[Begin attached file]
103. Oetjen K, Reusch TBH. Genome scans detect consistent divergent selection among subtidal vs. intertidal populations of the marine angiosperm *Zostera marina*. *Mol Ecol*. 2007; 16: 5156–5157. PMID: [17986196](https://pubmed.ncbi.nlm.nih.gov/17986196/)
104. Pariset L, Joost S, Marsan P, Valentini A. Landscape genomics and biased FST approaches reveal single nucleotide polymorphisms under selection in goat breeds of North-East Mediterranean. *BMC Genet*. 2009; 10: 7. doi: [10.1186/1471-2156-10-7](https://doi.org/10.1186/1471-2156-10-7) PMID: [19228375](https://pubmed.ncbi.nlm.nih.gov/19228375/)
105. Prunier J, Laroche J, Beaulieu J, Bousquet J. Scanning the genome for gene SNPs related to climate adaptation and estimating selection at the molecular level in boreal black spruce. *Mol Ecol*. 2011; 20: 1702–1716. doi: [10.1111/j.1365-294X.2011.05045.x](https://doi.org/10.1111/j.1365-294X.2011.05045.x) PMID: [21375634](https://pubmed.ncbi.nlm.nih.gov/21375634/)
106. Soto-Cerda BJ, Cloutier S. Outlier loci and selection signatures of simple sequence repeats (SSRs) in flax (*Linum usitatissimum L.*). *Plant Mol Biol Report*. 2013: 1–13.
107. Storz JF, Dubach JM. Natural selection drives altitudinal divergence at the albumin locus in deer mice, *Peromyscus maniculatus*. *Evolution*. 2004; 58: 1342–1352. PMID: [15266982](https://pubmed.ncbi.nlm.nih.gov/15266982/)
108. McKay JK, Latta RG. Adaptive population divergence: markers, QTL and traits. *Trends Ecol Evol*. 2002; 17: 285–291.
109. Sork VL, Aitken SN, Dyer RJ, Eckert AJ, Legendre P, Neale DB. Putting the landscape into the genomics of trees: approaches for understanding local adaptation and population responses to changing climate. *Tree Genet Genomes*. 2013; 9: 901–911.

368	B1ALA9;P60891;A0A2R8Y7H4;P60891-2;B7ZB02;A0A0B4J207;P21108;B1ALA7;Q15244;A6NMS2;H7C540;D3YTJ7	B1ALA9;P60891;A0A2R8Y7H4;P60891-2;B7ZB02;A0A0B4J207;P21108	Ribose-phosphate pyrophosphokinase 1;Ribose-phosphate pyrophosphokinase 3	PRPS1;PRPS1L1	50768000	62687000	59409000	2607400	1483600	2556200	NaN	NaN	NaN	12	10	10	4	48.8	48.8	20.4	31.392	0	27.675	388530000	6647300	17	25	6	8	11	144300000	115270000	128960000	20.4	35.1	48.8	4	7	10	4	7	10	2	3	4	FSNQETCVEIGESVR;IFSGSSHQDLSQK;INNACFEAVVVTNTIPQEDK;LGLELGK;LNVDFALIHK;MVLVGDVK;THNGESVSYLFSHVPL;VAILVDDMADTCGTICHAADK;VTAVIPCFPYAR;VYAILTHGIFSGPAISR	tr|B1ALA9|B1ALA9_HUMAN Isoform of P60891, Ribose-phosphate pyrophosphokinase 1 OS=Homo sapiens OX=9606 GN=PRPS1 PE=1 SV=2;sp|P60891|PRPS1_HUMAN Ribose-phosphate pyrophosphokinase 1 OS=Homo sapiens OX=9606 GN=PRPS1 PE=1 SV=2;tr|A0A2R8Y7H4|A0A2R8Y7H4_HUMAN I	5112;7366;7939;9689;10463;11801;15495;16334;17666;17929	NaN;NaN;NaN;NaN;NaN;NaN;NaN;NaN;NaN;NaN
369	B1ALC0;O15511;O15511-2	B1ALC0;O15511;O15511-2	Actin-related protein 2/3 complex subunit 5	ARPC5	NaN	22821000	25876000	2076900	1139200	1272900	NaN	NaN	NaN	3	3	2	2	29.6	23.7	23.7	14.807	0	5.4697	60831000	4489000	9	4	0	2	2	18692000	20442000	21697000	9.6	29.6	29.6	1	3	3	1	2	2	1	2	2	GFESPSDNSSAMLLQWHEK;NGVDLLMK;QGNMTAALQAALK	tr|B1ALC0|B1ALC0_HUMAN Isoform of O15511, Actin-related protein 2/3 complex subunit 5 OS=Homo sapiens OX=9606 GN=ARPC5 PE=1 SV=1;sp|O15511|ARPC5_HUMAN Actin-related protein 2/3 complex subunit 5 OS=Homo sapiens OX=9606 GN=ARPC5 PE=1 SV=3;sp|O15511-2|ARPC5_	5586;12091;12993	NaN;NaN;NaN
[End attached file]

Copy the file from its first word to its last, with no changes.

103. Oetjen K, Reusch TBH. Genome scans detect consistent divergent selection among subtidal vs. intertidal populations of the marine angiosperm *Zostera marina*. *Mol Ecol*. 2007; 16: 5156–5157. PMID: [17986196](https://pubmed.ncbi.nlm.nih.gov/17986196/)
104. Pariset L, Joost S, Marsan P, Valentini A. Landscape genomics and biased FST approaches reveal single nucleotide polymorphisms under selection in goat breeds of North-East Mediterranean. *BMC Genet*. 2009; 10: 7. doi: [10.1186/1471-2156-10-7](https://doi.org/10.1186/1471-2156-10-7) PMID: [19228375](https://pubmed.ncbi.nlm.nih.gov/19228375/)
105. Prunier J, Laroche J, Beaulieu J, Bousquet J. Scanning the genome for gene SNPs related to climate adaptation and estimating selection at the molecular level in boreal black spruce. *Mol Ecol*. 2011; 20: 1702–1716. doi: [10.1111/j.1365-294X.2011.05045.x](https://doi.org/10.1111/j.1365-294X.2011.05045.x) PMID: [21375634](https://pubmed.ncbi.nlm.nih.gov/21375634/)
106. Soto-Cerda BJ, Cloutier S. Outlier loci and selection signatures of simple sequence repeats (SSRs) in flax (*Linum usitatissimum L.*). *Plant Mol Biol Report*. 2013: 1–13.
107. Storz JF, Dubach JM. Natural selection drives altitudinal divergence at the albumin locus in deer mice, *Peromyscus maniculatus*. *Evolution*. 2004; 58: 1342–1352. PMID: [15266982](https://pubmed.ncbi.nlm.nih.gov/15266982/)
108. McKay JK, Latta RG. Adaptive population divergence: markers, QTL and traits. *Trends Ecol Evol*. 2002; 17: 285–291.
109. Sork VL, Aitken SN, Dyer RJ, Eckert AJ, Legendre P, Neale DB. Putting the landscape into the genomics of trees: approaches for understanding local adaptation and population responses to changing climate. *Tree Genet Genomes*. 2013; 9: 901–911.

368	B1ALA9;P60891;A0A2R8Y7H4;P60891-2;B7ZB02;A0A0B4J207;P21108;B1ALA7;Q15244;A6NMS2;H7C540;D3YTJ7	B1ALA9;P60891;A0A2R8Y7H4;P60891-2;B7ZB02;A0A0B4J207;P21108	Ribose-phosphate pyrophosphokinase 1;Ribose-phosphate pyrophosphokinase 3	PRPS1;PRPS1L1	50768000	62687000	59409000	2607400	1483600	2556200	NaN	NaN	NaN	12	10	10	4	48.8	48.8	20.4	31.392	0	27.675	388530000	6647300	17	25	6	8	11	144300000	115270000	128960000	20.4	35.1	48.8	4	7	10	4	7	10	2	3	4	FSNQETCVEIGESVR;IFSGSSHQDLSQK;INNACFEAVVVTNTIPQEDK;LGLELGK;LNVDFALIHK;MVLVGDVK;THNGESVSYLFSHVPL;VAILVDDMADTCGTICHAADK;VTAVIPCFPYAR;VYAILTHGIFSGPAISR	tr|B1ALA9|B1ALA9_HUMAN Isoform of P60891, Ribose-phosphate pyrophosphokinase 1 OS=Homo sapiens OX=9606 GN=PRPS1 PE=1 SV=2;sp|P60891|PRPS1_HUMAN Ribose-phosphate pyrophosphokinase 1 OS=Homo sapiens OX=9606 GN=PRPS1 PE=1 SV=2;tr|A0A2R8Y7H4|A0A2R8Y7H4_HUMAN I	5112;7366;7939;9689;10463;11801;15495;16334;17666;17929	NaN;NaN;NaN;NaN;NaN;NaN;NaN;NaN;NaN;NaN
369	B1ALC0;O15511;O15511-2	B1ALC0;O15511;O15511-2	Actin-related protein 2/3 complex subunit 5	ARPC5	NaN	22821000	25876000	2076900	1139200	1272900	NaN	NaN	NaN	3	3	2	2	29.6	23.7	23.7	14.807	0	5.4697	60831000	4489000	9	4	0	2	2	18692000	20442000	21697000	9.6	29.6	29.6	1	3	3	1	2	2	1	2	2	GFESPSDNSSAMLLQWHEK;NGVDLLMK;QGNMTAALQAALK	tr|B1ALC0|B1ALC0_HUMAN Isoform of O15511, Actin-related protein 2/3 complex subunit 5 OS=Homo sapiens OX=9606 GN=ARPC5 PE=1 SV=1;sp|O15511|ARPC5_HUMAN Actin-related protein 2/3 complex subunit 5 OS=Homo sapiens OX=9606 GN=ARPC5 PE=1 SV=3;sp|O15511-2|ARPC5_	5586;12091;12993	NaN;NaN;NaN